President Obama was sounding bullish on nuclear energy in his State of the Union speech, but he's been sheepish on the storage of spent nuclear fuels, having driven a stake in the heart of the best option available, at Yucca Mountain, Nevada. Last week he was calling for additional power plants; a budget he released this week didn't include a dime for dealing realistically with the hazardous byproducts. The gap between rhetoric and reality is jarring, even for Obama.
It's evidently a ploy to win Republican support for a climate bill, as this Washington Post piece explains. It may also be a case of the president chasing the polls, in a bid to recapture the middle. But Obama's credibility on the issue is shaky at best.
The president made killing Yucca Mountain a campaign promise, in a bid to woo Nevada voters and curry favor with gang green. It's one campaign promise he actually kept. Now, one year later, having dealt the prospect of a nuclear energy revival a staggering blow, he comes out in the State of the Union as an advocate for new plants. He's a champion of nuclear power, rhetorically, but opposes the most logical and secure waste storage option available -- a solution he nixed after decades of study and tens of billions of dollars were spent. Will the real Barack Obama please stand up?
The president proposes "a tripling of government loan guarantees for new nuclear reactors to more than $54 billion," reports Reuters. Yet the Department Of Energy has been dragging its feet on releasing loan guarantees already available. Loan guarantees aren't enough if power providers have no assurance that the regulatory and political climate will remain as hostile as it has been. And no such assurances are possible when the president says one thing and does another.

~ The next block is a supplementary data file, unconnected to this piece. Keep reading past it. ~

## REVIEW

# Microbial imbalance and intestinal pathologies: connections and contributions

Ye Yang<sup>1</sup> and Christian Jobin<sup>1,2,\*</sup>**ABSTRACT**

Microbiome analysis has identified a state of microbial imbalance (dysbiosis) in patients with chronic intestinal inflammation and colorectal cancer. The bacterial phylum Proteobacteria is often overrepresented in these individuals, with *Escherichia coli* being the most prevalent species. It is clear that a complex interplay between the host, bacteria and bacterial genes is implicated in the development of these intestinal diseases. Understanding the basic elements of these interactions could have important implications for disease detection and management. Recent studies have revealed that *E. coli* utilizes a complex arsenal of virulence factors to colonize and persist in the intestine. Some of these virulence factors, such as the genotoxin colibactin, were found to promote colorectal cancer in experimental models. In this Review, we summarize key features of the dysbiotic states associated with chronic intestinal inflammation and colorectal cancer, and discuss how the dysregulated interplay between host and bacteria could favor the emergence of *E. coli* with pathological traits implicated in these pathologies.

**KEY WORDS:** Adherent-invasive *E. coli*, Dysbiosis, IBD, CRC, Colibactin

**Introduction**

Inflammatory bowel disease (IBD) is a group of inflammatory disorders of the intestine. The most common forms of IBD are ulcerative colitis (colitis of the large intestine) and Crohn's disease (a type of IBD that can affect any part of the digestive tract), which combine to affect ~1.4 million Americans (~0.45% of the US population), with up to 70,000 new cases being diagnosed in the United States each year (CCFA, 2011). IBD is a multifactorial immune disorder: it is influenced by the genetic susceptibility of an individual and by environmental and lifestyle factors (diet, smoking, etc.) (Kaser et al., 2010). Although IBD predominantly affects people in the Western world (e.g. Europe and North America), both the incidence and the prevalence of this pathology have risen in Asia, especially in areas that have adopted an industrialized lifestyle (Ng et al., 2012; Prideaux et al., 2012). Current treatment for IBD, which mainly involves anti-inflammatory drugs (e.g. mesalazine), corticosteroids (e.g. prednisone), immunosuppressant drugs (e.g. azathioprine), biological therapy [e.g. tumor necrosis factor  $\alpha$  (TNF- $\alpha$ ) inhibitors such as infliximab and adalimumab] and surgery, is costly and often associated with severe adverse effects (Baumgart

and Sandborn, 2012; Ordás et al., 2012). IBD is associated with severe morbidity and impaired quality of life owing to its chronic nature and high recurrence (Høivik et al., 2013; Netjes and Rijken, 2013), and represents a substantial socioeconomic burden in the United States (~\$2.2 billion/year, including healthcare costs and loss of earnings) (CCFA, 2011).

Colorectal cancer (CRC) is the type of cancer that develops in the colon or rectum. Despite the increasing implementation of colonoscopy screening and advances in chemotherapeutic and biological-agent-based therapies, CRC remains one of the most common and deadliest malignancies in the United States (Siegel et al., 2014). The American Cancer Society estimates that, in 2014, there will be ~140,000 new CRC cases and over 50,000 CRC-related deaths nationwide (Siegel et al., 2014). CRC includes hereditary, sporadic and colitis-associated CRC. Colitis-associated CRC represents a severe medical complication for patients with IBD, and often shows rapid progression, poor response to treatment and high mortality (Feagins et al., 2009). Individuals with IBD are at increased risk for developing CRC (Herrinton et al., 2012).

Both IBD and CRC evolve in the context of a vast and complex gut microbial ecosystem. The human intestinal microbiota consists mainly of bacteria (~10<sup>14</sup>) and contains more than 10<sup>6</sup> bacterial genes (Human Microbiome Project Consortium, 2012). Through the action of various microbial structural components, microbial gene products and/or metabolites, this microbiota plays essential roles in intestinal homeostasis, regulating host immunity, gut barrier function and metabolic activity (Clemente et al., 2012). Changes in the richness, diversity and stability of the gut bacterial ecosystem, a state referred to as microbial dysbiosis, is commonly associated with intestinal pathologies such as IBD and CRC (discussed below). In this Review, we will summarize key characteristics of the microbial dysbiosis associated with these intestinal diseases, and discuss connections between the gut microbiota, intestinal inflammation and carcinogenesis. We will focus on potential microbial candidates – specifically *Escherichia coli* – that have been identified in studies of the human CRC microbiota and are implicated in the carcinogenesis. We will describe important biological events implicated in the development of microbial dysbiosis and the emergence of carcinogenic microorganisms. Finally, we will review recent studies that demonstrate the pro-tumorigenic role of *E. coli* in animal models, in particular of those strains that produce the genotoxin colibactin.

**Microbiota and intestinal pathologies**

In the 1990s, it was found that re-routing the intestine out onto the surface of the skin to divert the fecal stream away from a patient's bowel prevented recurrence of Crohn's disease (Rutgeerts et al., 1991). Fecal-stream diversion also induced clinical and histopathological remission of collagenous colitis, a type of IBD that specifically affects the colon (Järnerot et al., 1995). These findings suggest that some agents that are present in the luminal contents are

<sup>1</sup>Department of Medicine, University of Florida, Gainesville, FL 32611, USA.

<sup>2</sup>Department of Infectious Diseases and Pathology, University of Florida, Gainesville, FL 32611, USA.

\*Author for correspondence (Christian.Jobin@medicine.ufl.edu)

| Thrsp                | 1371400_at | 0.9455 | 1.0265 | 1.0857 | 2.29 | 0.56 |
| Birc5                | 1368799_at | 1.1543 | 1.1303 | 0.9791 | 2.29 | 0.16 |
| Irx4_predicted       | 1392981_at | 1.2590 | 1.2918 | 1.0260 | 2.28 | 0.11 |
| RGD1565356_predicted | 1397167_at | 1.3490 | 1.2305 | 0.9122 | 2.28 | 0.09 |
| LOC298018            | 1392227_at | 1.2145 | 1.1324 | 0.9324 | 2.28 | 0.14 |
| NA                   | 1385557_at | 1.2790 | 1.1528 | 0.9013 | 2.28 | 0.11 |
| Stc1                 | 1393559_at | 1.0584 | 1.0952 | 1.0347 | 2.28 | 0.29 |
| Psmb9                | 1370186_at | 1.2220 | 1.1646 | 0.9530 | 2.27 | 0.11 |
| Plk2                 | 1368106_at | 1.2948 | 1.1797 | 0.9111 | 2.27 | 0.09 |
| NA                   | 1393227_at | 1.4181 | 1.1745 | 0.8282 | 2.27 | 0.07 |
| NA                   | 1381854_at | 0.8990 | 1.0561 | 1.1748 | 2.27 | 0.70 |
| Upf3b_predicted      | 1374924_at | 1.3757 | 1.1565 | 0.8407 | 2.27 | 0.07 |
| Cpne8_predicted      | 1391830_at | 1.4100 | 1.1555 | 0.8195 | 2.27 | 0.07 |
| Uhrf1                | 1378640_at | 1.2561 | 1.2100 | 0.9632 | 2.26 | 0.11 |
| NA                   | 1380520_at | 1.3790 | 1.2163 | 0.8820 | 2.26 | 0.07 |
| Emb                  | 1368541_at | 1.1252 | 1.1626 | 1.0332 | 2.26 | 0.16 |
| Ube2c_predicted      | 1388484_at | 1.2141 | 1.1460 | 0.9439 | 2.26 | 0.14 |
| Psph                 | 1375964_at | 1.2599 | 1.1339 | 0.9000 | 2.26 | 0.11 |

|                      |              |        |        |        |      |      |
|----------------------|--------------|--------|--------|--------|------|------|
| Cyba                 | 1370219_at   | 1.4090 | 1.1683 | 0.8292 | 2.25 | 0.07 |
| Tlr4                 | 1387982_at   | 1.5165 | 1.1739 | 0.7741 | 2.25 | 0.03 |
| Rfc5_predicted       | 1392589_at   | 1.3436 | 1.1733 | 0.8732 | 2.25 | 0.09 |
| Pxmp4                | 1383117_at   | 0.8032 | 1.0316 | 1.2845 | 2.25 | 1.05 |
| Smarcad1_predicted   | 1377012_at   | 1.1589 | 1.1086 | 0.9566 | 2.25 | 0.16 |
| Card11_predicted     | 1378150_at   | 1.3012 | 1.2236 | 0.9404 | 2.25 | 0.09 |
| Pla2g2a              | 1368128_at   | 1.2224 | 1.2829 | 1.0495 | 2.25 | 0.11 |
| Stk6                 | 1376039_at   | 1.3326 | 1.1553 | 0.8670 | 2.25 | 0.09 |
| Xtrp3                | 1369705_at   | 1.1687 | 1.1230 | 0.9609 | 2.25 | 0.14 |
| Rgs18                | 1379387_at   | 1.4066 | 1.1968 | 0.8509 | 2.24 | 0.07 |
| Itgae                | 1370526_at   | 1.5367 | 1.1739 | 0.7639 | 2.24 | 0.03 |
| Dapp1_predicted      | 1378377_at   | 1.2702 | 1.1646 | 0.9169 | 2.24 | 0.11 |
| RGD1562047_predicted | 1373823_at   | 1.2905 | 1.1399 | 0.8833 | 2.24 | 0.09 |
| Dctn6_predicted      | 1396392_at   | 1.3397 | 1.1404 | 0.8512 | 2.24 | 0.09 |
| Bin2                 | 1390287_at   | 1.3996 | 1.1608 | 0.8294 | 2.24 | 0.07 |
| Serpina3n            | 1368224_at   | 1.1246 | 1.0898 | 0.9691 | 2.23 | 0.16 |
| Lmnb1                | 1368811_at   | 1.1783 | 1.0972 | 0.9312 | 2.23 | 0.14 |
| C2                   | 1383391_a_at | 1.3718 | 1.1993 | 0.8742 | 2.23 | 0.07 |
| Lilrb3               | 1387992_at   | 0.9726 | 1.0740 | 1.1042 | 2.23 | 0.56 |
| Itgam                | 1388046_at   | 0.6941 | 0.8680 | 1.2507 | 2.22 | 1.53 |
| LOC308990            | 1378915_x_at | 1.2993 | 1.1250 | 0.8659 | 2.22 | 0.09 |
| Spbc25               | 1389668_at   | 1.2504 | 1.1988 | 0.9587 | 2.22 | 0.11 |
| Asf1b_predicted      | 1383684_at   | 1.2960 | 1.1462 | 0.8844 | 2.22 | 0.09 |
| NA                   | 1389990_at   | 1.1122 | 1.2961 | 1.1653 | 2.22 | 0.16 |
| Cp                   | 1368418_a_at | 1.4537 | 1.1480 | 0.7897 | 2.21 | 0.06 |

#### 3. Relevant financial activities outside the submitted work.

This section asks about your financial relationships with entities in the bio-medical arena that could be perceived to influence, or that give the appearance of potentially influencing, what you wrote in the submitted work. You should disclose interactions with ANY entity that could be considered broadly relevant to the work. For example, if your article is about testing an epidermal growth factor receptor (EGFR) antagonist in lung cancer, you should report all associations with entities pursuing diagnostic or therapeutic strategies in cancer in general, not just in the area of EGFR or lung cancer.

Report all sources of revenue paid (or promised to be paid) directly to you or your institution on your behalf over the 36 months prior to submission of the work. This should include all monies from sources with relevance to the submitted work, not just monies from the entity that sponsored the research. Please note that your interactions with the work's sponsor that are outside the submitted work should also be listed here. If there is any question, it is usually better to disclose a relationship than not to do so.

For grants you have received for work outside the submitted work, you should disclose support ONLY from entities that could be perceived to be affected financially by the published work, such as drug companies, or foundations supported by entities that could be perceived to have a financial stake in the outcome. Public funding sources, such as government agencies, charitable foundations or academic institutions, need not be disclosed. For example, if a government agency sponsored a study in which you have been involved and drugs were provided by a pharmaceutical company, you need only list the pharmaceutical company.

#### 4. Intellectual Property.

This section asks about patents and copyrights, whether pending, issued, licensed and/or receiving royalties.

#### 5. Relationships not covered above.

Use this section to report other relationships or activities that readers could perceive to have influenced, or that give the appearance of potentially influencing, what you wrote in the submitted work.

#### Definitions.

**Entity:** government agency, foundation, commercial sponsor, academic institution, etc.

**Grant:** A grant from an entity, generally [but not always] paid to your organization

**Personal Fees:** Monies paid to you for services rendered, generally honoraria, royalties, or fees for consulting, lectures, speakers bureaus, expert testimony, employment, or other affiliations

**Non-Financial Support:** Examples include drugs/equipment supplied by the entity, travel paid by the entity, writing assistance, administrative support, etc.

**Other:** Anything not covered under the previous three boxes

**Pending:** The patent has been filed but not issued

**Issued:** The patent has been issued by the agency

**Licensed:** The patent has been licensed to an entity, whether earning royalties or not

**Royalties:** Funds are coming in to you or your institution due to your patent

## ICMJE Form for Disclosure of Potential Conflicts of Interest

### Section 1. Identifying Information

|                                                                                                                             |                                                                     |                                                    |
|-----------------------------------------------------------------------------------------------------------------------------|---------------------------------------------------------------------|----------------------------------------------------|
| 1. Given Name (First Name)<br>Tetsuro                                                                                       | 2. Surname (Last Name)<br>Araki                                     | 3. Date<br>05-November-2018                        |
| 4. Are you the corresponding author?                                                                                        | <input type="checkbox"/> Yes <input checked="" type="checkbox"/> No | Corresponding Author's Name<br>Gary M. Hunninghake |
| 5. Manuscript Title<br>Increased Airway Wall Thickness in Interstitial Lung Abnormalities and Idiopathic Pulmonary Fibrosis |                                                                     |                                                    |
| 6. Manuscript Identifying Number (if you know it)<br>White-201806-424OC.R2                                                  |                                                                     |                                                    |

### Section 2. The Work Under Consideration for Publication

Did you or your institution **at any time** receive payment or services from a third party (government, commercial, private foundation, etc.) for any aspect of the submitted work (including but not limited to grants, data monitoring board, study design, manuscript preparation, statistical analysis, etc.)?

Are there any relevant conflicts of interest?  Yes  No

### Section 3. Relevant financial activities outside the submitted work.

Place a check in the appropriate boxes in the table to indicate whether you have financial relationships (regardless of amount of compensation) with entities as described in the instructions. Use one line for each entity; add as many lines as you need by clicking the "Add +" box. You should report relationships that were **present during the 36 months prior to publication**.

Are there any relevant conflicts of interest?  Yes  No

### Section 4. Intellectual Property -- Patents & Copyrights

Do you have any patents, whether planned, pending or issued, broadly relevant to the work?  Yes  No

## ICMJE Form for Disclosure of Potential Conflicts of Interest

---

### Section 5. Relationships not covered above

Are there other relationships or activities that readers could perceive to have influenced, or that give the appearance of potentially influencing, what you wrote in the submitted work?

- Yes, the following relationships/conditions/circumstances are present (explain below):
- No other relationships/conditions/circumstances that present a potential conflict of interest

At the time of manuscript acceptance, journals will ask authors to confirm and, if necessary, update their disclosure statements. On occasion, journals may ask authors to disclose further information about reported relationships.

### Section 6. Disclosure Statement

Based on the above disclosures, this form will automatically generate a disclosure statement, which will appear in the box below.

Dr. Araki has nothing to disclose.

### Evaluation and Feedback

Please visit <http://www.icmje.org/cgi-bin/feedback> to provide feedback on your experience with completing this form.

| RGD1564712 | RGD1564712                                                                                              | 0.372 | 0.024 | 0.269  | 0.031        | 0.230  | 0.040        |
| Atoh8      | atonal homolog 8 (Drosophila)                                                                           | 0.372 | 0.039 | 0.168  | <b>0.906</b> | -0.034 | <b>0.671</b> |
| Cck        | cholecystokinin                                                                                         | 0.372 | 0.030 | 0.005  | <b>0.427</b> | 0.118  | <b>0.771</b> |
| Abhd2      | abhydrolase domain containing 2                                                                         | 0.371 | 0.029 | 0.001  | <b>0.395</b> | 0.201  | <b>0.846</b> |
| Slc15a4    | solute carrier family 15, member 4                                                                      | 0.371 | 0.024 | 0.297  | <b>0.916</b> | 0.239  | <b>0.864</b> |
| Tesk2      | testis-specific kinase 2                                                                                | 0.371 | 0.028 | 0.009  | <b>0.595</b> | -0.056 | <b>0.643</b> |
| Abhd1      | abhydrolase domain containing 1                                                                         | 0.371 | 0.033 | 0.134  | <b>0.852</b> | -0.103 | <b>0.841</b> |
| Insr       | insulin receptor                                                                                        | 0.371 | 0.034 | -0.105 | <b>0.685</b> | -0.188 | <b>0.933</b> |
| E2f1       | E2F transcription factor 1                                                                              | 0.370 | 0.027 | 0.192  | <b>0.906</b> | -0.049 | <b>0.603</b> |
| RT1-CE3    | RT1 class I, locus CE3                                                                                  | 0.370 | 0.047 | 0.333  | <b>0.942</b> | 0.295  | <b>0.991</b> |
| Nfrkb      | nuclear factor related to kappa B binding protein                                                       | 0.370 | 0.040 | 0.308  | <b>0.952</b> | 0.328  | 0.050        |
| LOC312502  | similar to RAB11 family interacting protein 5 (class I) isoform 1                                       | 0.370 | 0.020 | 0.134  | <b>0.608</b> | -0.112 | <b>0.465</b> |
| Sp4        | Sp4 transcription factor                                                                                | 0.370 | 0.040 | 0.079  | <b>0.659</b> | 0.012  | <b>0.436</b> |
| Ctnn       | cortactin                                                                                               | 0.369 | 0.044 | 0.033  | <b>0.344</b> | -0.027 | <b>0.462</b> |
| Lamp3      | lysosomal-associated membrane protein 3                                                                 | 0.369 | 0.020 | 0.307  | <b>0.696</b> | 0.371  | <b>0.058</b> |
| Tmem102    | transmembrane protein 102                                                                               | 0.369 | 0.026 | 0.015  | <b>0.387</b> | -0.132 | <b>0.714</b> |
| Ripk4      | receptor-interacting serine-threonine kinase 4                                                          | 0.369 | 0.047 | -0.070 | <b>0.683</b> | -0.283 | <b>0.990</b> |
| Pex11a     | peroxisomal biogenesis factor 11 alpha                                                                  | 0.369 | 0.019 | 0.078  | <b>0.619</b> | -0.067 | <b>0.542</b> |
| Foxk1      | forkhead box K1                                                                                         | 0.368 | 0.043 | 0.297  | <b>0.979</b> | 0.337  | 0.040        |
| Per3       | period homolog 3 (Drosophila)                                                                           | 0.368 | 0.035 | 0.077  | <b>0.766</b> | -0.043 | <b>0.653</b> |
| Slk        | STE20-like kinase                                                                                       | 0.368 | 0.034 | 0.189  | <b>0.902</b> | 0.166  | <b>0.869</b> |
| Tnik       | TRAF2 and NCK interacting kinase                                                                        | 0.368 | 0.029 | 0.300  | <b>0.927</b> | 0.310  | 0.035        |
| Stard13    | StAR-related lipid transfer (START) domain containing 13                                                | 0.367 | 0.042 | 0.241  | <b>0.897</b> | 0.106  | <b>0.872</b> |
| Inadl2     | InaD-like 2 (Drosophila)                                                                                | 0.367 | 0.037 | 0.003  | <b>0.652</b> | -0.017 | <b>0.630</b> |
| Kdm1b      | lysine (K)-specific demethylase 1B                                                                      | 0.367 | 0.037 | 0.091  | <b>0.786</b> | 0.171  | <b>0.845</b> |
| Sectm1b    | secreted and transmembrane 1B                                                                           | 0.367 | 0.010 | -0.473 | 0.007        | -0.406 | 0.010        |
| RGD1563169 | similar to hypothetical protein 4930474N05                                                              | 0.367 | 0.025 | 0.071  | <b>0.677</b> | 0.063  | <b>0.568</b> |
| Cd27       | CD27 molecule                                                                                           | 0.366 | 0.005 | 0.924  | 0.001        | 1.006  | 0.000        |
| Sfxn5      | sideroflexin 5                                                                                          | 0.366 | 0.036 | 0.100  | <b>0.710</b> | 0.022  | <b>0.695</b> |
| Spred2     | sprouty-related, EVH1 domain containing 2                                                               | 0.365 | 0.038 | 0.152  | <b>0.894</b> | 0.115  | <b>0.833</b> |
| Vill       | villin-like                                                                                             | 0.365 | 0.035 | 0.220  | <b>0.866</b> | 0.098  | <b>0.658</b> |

The president also announced the "formation of a panel to consider the future of nuclear waste storage, including alternatives to a proposed site at Yucca Mountain in Nevada," Reuters reports -- which sends the country back to a drawing board it began scribbling on 30 years ago. The panel will explore every option -- except the most obvious one. It's not allowed to revisit Yucca Mountain. Dusted-off Washington retreads Lee Hamilton and Brent Scowcroft will lead the effort. I guess James Baker was unavailable. Who else would chair a blue ribbon commission that begins its work with its hands tied behind its back?
You can begin work on a new generation of nuclear power plants without resolving the waste storage problem, at least in the short-run, but that's risky, given the strength of the no-nukes lobby. Going back to the drawing board erroneously presumes that no-nukers eventually will embrace a reasonable solution, which they won't.
Republicans should insist that Obama reverse his position on Yucca Mountain before they even consider support for a climate measure. Anything less and they're being played for suckers.